Call for a practical degree in manufacturing

An open letter to Professor Alex Zelinsky, the Vice Chancellor, University of Newcastle by Dr John Blakemore.

We need an institution that offers a degree in manufacturing and practical skills. The ideal place to revive Australia’s manufacturing capability is Newcastle.

Over the last 75 years there has been a continuous decline in Australia’s manufacturing capability and an increasing dependence on China for manufactured products.

Engineering and practical skills have slowly started to disappear from University and TAFE courses. Now we are exposed as never before to the consequences of major disruption to supply without an inherent capability to respond with similar skills.

This is not sustainable. In fact, now we see China gradually usurping the South China Sea and establishing artificial islands and airstrips. It is clear that their intention is to control and dominate.

Australia has responded by announcing that it will spend up to $270 Billion on upgrading our defence capability. We do not currently have the capability to support this initiative with the necessary skills in engineering and manufacturing.

When the University of Newcastle was first formed the planning was centred around the humanities and the first Vice Chancellor was Professor James Auchmuty, a professor of humanities and social science.

As a student at the time I believed that the competitive advantage created by the BHP and subsidiaries and the strong links to the UNSW and the Newcastle Technical College would determine a direction focused on engineering, manufacturing and industry. This was not the case.

Newcastle was recognised at the time as the Steel City. Then there were 15,000 people employed at BHP, 5,500 at John Lysaght and 2750 at Stewart and Lloyds and 3,000 at the wire rope works.

Innovation created by John Lysaght was without peer in Australia and this led to products such as Colorbond which is recognised as a superior product throughout the world.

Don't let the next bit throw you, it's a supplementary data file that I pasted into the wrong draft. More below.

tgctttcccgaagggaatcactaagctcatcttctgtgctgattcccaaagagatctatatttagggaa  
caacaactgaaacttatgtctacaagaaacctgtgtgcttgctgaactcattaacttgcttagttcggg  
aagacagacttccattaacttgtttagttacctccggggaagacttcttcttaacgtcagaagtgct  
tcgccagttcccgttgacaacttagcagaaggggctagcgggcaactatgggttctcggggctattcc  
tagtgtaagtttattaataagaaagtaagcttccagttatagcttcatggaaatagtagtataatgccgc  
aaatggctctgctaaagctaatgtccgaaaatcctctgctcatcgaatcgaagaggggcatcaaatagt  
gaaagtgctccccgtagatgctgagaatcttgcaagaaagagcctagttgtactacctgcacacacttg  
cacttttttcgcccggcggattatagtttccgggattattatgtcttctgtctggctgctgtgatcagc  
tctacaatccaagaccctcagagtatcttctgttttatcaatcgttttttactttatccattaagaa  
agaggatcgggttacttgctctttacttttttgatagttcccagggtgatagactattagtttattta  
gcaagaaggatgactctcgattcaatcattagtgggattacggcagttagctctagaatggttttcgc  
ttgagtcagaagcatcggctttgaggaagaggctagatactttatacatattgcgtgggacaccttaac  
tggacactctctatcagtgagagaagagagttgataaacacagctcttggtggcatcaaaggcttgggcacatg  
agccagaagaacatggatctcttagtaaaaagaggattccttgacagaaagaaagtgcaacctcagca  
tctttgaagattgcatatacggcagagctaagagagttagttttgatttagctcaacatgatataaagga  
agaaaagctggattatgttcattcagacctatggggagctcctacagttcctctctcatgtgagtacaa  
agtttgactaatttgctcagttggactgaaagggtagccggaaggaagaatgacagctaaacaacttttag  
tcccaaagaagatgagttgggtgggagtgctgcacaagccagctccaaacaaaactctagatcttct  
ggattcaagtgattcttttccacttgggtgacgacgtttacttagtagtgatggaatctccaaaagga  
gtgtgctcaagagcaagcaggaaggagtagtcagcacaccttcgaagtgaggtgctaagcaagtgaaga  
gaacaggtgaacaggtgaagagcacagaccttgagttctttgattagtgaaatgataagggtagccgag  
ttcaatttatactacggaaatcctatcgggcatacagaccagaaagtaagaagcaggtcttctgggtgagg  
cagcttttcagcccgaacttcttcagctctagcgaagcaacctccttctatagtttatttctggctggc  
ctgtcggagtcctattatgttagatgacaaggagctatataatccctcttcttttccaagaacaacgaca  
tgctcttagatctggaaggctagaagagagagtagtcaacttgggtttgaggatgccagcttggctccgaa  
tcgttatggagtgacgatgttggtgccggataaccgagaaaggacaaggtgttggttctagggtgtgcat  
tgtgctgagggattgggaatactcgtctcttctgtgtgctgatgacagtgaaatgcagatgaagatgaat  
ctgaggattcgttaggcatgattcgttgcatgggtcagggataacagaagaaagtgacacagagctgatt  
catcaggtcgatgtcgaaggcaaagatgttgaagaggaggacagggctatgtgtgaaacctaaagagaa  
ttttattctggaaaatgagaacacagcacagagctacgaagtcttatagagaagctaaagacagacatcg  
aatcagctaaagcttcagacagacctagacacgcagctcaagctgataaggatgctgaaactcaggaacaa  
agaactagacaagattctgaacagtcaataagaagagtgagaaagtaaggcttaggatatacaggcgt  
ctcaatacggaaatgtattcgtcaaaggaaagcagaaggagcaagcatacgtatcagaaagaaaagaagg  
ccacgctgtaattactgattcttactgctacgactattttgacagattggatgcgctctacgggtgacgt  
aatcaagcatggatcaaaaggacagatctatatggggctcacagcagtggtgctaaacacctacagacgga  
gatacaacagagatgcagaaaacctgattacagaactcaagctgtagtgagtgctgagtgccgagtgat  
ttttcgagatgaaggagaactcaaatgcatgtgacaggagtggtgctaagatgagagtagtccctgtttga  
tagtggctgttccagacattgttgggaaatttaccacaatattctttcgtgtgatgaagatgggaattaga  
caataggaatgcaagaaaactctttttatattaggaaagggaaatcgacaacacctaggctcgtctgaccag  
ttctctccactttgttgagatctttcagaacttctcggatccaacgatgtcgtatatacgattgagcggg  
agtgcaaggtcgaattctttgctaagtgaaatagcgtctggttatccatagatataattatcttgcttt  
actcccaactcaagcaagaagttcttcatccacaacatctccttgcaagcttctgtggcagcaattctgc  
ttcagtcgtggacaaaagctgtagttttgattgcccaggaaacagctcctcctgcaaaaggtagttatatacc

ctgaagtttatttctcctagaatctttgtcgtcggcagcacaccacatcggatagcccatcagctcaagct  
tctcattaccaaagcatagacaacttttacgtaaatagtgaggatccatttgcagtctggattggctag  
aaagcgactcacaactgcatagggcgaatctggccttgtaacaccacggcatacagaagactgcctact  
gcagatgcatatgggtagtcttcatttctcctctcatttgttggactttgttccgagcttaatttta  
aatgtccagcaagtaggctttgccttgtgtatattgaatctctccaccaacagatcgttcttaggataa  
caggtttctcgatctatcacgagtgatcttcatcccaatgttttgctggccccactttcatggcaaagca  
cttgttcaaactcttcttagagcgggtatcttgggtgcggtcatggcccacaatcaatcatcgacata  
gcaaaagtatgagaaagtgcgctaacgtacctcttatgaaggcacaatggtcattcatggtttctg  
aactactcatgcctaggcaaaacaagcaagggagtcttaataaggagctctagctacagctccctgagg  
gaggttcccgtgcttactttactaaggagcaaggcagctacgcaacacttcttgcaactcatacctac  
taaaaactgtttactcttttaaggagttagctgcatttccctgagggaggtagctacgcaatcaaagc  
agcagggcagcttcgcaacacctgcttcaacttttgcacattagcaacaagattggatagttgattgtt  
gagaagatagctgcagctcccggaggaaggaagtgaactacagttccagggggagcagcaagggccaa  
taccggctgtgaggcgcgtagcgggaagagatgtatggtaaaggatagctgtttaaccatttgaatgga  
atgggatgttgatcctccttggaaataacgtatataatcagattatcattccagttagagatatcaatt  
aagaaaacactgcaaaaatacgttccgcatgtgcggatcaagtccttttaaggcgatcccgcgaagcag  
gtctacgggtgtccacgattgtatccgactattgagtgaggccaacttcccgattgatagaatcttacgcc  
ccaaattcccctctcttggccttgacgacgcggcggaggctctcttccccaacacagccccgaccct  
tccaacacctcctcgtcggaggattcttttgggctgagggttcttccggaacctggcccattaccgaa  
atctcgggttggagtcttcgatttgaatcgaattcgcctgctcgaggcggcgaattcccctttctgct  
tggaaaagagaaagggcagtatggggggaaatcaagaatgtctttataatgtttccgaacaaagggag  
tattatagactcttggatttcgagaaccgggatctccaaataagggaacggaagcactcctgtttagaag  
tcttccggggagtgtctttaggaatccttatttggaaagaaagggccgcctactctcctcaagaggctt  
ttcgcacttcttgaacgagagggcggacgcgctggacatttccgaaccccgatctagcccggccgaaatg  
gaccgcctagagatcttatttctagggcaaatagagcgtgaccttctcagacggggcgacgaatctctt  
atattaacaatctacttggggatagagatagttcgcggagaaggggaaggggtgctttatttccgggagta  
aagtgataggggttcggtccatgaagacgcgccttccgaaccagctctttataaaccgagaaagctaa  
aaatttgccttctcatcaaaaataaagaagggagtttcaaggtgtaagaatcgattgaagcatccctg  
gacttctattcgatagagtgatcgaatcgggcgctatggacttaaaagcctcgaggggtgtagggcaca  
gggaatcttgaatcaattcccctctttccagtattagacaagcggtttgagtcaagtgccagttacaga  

After its formation in 1965, the University continued to believe that it should be a classical University not a technological one. As time went by the two faculties that were the most successful were Engineering and Medicine.

Some people now refer to Newcastle as the University city. The University of Newcastle has generally established a very good reputation.

It is clear that we need the humanities but we also need a sharper focus on technology and engineering.

Now the need to revive our manufacturing capability has never been more urgent.

The poor state of our manufacturing capability was illustrated recently when BAE Systems excluded Australian manufacturers from the tender for the Hunter class frigates.

They did this because they believed that there were no Australian manufacturers up to the required standard.

There are numerous fragmented manufacturing engineering courses throughout Australian Universities but the focus is blurred.

Even the Institution of Engineers fragments the profession and the result is that there is a poor understanding of how to integrate the disciplines.

The fractured supply lines for many products created by Covid-19 has illustrated how vulnerable we are if we cannot source critical components for defence in particular.

This is analogous to the problems faced by the USA when Bill Clinton was president and the USA realised that it must have the capability to service and supply the critical components for its own defence and welfare.

Their response was swift. The CEO’s of the best defence orientated companies were assembled under the Chairmanship of Professor Ken Preiss from Israel to formulate a manufacturing and supply strategy.

This is what Australia urgently needs now.

Newcastle has long been ignored politically. In 1956 the Newcastle Flyer, a steam train, could travel between Sydney and Newcastle in two hours and 20 minutes. Today, almost 70 years later, it takes three hours and 15 minutes.

We can trace Australia’s poor technological performance to a series of non-visionary decisions like abandoning the Multifunction Polis in South Australia, not building our first nuclear power reactor in Jervis Bay in 1969, and the recent ordering of non-nuclear submarines from France where diesel electric power will be retrofitted to what was designed as a nuclear submarine.

All these events have created an enormous opportunity for the University of Newcastle. A chance to lead and assume its true role as the centre of technological excellence.

Dr John Blakemore is a leading manufacturing industry consultant. He is principal of Blakemore Consulting, and a part-time professor at the University of Newcastle.

Picture: Dr John Blakemore

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